National broadsheet The Australian has plenty of form when it comes to uninformed and often downright wrong criticism of the National Broadband Network. Its latest questionable NBN attack centres on the installation of backup batteries for the network. If you believe The Australian today, the fact that cordless phones won’t work when there is no power is proof that the NBN has been poorly planned. Yes, that’s actually what the paper claims.
In typical attacking style, The Australian comes out swinging in its first paragraph:
THE federal government’s ability to manage the complexity of the National Broadband Network has been called into question after it insisted on installing back-up batteries that are redundant for most households.
It won’t surprise you to learn that the only actual source of “questioning” is the paper itself. But what’s the gist of its argument? NBN Co is installing backup batteries into all premises which get an NBN connection, which ensures a power source in the event of a blackout, allowing you to make emergency calls on an analog phone.
Old-fashioned analogue phones draw the tiny amount of electrical current they need from the copper network, but that won’t be an option once that network is switched off. The batteries weren’t originally part of the standard NBN rollout, but were made compulsory as an interim measure late last year. (Which in itself raises the question of why this is a leading story for the paper six months later.)
There has indeed been a lot of argument over whether it’s worth making those battery installations mandatory, given that many of us use cordless phones which need a full 240V connection, not just a basic battery backup. A reasoned and logical discussion on that would make sense. But the Australian tries to twist that argument to suggest to casual readers that the NBN is creating a problem which didn’t exist before. Here’s what it says:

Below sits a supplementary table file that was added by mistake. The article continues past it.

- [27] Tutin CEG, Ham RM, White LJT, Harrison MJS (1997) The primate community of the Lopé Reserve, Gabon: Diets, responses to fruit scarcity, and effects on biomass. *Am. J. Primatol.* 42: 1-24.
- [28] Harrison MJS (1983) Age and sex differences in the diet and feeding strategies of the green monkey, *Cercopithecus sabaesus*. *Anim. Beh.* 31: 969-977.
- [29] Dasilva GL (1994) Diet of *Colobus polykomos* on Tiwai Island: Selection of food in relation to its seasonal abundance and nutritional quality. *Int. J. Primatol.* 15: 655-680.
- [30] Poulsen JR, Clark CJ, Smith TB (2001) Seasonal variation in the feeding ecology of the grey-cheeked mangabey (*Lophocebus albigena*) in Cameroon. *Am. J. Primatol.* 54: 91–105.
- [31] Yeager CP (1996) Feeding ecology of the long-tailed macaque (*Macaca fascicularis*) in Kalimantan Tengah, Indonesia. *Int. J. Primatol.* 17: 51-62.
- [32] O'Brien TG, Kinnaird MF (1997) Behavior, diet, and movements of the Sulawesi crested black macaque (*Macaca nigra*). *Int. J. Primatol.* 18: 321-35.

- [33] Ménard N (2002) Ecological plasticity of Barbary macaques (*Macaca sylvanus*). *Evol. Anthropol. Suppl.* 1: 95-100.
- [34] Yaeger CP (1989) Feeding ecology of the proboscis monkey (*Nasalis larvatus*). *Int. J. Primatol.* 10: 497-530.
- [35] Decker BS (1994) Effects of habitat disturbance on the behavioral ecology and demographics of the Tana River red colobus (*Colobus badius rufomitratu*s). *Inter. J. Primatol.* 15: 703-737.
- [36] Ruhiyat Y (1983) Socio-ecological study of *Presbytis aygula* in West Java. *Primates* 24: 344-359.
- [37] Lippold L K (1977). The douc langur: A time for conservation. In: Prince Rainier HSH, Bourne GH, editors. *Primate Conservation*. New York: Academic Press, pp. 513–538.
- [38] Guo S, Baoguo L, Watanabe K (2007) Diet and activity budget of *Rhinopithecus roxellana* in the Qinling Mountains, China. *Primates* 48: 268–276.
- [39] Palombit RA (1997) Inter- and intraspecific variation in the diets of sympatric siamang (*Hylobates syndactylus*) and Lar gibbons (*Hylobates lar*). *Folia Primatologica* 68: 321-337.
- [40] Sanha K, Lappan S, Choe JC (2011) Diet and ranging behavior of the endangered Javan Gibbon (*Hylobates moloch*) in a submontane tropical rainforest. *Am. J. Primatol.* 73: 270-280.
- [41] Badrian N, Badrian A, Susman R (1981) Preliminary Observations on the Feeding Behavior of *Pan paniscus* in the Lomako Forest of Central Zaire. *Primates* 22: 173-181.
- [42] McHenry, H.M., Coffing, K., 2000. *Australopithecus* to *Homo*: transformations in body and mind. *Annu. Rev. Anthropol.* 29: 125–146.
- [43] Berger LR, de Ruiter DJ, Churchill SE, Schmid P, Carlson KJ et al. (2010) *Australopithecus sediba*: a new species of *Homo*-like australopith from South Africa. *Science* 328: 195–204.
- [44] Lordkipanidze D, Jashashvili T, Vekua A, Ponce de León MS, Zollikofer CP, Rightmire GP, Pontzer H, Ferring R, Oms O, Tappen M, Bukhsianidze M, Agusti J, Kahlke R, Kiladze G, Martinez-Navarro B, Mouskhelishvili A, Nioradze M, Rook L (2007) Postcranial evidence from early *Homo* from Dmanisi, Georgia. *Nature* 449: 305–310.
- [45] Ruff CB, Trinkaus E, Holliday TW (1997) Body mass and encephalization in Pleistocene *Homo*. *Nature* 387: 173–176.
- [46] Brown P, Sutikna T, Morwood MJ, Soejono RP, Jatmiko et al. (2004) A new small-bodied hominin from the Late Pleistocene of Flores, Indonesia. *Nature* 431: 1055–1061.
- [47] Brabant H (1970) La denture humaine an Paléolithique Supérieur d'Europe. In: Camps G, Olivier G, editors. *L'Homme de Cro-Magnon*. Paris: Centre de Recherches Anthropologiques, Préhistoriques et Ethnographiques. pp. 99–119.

As part of its national rollout, the NBN Co has already installed thousands of batteries that are designed to keep old-style analog phones working during power blackouts.
But the batteries are of no use to modern telephony equipment, such as cordless phones, which need to be plugged in to a power point.
The paper thus ignores what anyone who actually already owns a cordless phone knows: it can’t draw power from the existing copper network either. If there is a power blackout, your cordless phone won’t work right now, and you’ll have no way of using your phone line. That’s not a consequence of the NBN. It’s a consequence of wanting a more sophisticated phone.
In this case, you have two main options. You can plug in an older analog phone if you have one (I know people who keep one as a backup). Or you can use your mobile, which is what I imagine most people would do given the near-100 per cent ownership mobiles enjoy in Australia. (If you have a laptop and wireless broadband, you could also make VOIP calls using that.)
All of this was true before the NBN was mooted, and it would remain true if the NBN was cancelled after the next election. It’s a basic fact of physics. But the Australian (which sadly will be quoted uncritically on a bunch of radio stations) downplays that fact as part of its ongoing anti-NBN/anti-Labor/anti-everything agenda. Honestly, is it any wonder that people remain confused about the NBN when this kind of rhetoric is passed off as political reporting?
Questions raised as Labor orders NBN to install useless batteries [The Australian]